This past Sunday I accompanied Brent to church, which I try to do unless I'm overworked, overtired, overstressed, or just plain too lazy. As you might expect, it doesn't happen often enough, but I always love going. This Sunday was especially good, as I didn't have to sit by myself even though Brent was acolyting (I assume this can be a verb?). A couple of friends who live in Brooklyn came all the way out to Princeton to spend some time with us, and so we all piled into the little green car Sunday morn and bumped our way down Alexander Road to Trinity.
I've been to church with Brent enough now that things are beginning to feel familiar. I know the tune they sing the Doxology to and I can remember to sing their words and not the ones I grew up with. I know how to sing the Sanctus in the middle of the Great Thanksgiving leading up to Communion. I know how to navigate my way to the altar rail and I don't freak out about how to hold my hands just right to receive the bread, or worry that I'll confuse the person giving me the cup and end up with wine down the front of my shirt. And I no longer feel that everyone is looking at me all the way up to the altar and all the way back to my seat.
I bet all this sounds really silly to people who have been going up to an altar to receive Communion all their lives. But these are the things you feel when what you're used to is having an old man in a bad tie hand you a plate while you sit in the pew. The only thing you have to worry about is when they forget to come pick it up from you after it's been passed. This sometimes happens. It's a real problem if you're a woman and you feel like you can't stand up and take it to the guy (someone might think you're usurping, you know).
Anyhow, taking Communion at Trinity has become a very special thing for me. It truly is the focal point of the service. The sermon happens, is over, sometimes is good, and then we begin "The Great Thanksgiving," a very long (or so it seems to this CofC kid) liturgical movement which retells in gratitude the story and the meaning of the crucifixion, punctuated by responses from the congregation expressing thanks. Then we move to the altar. The bread is presented with the words, "The body of Christ," and the wine with, "The blood of Christ."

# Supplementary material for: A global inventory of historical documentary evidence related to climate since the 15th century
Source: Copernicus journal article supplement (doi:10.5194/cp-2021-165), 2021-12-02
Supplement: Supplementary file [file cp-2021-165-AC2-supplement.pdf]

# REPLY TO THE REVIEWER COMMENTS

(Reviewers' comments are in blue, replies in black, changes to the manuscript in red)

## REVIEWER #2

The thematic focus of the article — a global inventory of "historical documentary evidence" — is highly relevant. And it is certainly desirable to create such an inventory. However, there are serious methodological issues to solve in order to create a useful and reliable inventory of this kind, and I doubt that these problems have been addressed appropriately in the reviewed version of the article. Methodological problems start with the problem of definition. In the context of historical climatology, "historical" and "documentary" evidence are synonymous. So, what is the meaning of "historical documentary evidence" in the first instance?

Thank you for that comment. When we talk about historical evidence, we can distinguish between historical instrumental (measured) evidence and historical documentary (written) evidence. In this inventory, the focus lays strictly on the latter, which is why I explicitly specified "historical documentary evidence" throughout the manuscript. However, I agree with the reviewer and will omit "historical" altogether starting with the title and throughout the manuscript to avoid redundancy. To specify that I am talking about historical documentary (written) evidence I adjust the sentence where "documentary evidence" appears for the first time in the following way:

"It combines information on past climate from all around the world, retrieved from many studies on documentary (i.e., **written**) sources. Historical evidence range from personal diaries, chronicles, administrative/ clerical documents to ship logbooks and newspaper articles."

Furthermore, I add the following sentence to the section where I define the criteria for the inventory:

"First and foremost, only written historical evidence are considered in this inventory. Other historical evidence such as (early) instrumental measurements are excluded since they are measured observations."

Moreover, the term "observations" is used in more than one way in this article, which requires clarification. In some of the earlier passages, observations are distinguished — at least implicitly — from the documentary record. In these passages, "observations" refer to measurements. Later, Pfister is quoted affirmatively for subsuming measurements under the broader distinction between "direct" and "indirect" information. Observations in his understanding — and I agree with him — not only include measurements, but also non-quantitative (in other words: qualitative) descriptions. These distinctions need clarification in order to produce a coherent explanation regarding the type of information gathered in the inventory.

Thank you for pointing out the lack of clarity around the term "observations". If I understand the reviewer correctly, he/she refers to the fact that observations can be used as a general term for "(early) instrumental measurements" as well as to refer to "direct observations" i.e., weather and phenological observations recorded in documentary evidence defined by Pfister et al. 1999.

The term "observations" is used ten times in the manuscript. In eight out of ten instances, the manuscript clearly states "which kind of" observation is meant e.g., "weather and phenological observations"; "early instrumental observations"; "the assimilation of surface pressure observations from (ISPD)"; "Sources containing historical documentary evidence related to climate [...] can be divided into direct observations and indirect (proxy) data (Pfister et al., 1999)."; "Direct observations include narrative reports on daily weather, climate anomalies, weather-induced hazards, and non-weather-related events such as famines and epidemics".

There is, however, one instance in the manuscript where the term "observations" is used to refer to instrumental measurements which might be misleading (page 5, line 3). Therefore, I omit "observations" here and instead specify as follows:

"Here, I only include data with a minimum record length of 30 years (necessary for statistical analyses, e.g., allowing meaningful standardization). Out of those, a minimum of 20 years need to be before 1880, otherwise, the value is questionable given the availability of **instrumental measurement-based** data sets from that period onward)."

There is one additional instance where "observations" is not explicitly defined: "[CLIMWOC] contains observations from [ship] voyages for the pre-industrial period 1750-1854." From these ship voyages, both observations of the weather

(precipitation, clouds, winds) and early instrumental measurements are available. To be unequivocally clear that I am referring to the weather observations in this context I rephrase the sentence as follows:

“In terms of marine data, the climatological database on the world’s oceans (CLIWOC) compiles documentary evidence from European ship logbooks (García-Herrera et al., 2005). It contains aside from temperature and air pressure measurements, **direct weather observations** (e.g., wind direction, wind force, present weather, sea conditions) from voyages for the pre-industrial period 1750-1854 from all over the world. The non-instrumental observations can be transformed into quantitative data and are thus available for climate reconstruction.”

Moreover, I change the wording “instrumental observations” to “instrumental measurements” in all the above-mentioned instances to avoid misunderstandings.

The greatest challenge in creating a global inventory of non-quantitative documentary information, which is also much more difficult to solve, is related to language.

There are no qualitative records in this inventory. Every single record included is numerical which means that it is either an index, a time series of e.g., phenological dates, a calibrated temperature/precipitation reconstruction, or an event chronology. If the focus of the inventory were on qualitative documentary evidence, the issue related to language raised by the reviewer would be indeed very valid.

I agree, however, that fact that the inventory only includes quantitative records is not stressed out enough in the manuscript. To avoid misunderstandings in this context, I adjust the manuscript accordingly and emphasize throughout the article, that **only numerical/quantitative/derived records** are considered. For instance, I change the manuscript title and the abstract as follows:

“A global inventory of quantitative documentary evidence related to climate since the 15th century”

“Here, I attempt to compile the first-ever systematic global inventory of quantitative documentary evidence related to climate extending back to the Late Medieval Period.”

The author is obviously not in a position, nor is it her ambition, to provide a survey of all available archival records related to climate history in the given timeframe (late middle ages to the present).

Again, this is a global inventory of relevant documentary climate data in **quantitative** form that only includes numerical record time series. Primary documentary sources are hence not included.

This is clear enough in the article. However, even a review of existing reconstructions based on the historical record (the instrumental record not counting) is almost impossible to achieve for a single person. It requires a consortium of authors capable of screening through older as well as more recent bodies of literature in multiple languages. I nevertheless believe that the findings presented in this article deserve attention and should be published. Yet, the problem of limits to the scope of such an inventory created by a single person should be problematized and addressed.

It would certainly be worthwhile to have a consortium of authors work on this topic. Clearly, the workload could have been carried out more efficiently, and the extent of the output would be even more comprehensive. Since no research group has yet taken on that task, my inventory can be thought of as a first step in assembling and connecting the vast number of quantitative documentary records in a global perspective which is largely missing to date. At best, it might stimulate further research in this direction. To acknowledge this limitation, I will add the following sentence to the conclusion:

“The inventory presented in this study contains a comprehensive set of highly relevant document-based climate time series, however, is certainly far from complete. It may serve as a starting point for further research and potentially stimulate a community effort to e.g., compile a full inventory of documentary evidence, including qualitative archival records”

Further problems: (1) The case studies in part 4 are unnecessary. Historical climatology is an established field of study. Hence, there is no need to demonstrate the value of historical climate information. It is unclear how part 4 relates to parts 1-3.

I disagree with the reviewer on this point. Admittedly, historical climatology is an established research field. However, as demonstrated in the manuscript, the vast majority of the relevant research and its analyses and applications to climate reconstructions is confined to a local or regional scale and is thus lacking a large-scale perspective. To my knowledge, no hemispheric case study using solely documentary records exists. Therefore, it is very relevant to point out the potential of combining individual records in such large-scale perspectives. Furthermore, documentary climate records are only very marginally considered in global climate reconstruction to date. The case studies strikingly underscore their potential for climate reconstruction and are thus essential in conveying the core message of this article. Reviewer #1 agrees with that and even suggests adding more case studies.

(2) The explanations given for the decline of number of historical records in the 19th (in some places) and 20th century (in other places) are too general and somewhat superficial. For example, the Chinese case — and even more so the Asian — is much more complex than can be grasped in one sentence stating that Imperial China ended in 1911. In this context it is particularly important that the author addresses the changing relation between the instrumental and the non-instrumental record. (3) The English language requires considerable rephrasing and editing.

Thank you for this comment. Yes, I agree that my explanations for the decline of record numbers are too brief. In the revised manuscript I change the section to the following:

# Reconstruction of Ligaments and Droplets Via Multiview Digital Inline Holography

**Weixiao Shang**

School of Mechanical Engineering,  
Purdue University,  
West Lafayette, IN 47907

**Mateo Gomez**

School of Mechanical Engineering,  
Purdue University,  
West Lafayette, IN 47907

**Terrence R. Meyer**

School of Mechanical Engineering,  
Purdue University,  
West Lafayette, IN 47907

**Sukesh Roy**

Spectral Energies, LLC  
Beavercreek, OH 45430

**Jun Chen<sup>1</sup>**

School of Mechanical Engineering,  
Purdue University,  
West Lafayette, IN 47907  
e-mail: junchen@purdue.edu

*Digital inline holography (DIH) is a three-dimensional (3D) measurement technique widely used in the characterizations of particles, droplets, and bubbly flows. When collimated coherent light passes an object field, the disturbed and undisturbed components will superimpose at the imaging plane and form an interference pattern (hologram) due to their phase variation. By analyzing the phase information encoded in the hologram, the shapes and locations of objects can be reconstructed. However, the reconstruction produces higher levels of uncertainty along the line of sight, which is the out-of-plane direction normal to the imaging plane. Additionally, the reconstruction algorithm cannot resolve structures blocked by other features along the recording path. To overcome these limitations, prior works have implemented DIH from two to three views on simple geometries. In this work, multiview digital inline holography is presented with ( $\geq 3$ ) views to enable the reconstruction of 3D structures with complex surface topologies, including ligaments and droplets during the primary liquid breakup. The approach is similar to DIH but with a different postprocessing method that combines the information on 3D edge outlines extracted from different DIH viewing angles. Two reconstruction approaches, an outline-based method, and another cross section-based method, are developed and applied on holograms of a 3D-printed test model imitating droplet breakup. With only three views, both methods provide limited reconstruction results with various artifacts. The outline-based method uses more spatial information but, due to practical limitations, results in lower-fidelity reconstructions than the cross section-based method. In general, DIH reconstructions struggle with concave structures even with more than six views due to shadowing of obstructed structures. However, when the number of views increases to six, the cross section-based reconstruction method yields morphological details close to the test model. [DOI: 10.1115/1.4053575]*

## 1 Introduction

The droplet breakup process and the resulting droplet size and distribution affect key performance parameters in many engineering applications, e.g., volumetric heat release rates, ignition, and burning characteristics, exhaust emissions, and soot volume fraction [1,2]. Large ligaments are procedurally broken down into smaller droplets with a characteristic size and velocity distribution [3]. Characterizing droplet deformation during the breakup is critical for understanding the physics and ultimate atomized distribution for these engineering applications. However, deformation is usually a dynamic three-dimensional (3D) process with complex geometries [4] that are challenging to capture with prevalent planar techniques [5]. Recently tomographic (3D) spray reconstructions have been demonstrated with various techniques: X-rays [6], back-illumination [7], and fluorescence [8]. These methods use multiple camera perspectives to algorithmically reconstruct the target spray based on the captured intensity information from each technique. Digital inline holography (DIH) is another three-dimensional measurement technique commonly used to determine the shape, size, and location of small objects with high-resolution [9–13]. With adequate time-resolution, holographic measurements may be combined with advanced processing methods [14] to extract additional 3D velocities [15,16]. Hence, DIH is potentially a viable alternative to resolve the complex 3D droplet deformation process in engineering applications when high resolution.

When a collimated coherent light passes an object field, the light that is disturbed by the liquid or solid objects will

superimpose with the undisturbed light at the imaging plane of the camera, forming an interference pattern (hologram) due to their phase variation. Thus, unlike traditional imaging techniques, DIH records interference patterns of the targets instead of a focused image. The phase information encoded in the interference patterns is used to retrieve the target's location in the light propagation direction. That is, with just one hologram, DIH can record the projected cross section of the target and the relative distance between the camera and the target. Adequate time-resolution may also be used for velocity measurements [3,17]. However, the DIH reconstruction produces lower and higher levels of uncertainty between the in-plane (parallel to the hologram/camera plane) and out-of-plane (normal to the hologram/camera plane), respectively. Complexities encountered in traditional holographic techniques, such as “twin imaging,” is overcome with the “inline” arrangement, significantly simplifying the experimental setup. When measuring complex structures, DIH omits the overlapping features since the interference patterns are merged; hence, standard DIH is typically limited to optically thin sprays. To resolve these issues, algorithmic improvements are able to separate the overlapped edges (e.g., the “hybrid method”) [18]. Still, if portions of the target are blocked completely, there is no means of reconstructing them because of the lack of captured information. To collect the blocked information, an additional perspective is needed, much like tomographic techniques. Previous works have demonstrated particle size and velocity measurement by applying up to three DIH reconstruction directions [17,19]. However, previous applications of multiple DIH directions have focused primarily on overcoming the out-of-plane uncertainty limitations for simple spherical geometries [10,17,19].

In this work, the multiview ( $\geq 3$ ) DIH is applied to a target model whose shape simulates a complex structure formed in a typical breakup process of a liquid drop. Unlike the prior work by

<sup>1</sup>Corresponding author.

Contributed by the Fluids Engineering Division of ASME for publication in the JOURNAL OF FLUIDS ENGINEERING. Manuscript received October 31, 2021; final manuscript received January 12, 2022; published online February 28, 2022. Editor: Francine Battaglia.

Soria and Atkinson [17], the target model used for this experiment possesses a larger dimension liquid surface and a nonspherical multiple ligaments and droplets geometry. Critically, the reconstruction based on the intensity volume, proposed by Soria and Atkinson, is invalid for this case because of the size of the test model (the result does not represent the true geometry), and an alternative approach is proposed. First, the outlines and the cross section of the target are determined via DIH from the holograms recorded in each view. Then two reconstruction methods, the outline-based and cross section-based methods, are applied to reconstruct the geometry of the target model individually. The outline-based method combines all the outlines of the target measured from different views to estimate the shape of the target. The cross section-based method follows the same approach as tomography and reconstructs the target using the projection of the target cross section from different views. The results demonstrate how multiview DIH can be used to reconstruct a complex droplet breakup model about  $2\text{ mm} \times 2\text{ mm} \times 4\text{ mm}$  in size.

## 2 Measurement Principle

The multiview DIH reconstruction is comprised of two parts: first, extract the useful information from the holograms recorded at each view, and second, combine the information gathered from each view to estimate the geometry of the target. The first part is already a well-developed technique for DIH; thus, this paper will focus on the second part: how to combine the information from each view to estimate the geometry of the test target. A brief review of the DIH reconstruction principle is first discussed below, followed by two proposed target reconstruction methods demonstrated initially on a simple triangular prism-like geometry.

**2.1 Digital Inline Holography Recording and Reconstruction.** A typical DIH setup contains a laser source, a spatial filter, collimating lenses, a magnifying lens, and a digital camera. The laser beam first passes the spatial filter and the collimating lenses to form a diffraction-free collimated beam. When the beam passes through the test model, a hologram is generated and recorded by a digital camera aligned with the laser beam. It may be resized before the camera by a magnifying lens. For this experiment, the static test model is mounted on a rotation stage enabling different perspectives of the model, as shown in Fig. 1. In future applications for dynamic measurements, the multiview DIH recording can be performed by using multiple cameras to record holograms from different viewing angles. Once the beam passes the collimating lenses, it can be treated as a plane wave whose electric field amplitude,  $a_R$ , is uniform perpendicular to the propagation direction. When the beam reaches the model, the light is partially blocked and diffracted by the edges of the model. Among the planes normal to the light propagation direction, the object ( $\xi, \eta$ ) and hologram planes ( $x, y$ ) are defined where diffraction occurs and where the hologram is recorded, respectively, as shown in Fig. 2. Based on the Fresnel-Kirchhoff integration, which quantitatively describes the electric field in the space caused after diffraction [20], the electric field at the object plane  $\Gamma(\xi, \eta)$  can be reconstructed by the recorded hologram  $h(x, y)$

Sunday evenings, I take the train into Brooklyn and meet with a bunch of other Manhattan CofCer's who've committed themselves to Christ's Church for Brooklyn. Right now we're a house church. I've missed the house church dynamic after coming back from China. There's something unreproduceable about the intimacy of sitting in someone's living room. It's something like the difference between homemade and store-bought bread. Homemade church. This past Sunday, we sat around Joe and Laura's living room, around their coffee table, and shared communion after being invited to think about what this church would look like in a year: what new faces would there be around the table as we share communion together in the future? As we sat together, I imagined us all as various parts of the body, a la Paul's metaphor, and thought, which parts are we missing? What parts will join us and make us whole? Who will be a part of our journey together toward wholeness in Christ?
Two communions, separated by about 6 hours, an hour's train ride, the difference between high liturgy and informal address, the difference between altar and coffee table, church and living room. And yet, somehow, the essence of communion--being drawn together with God and with others--collapses those differences, making it plain that whatever the form, the bread and the wine function the same. The body of Christ, the blood of Christ. What else could make two celebrations so different one and the same?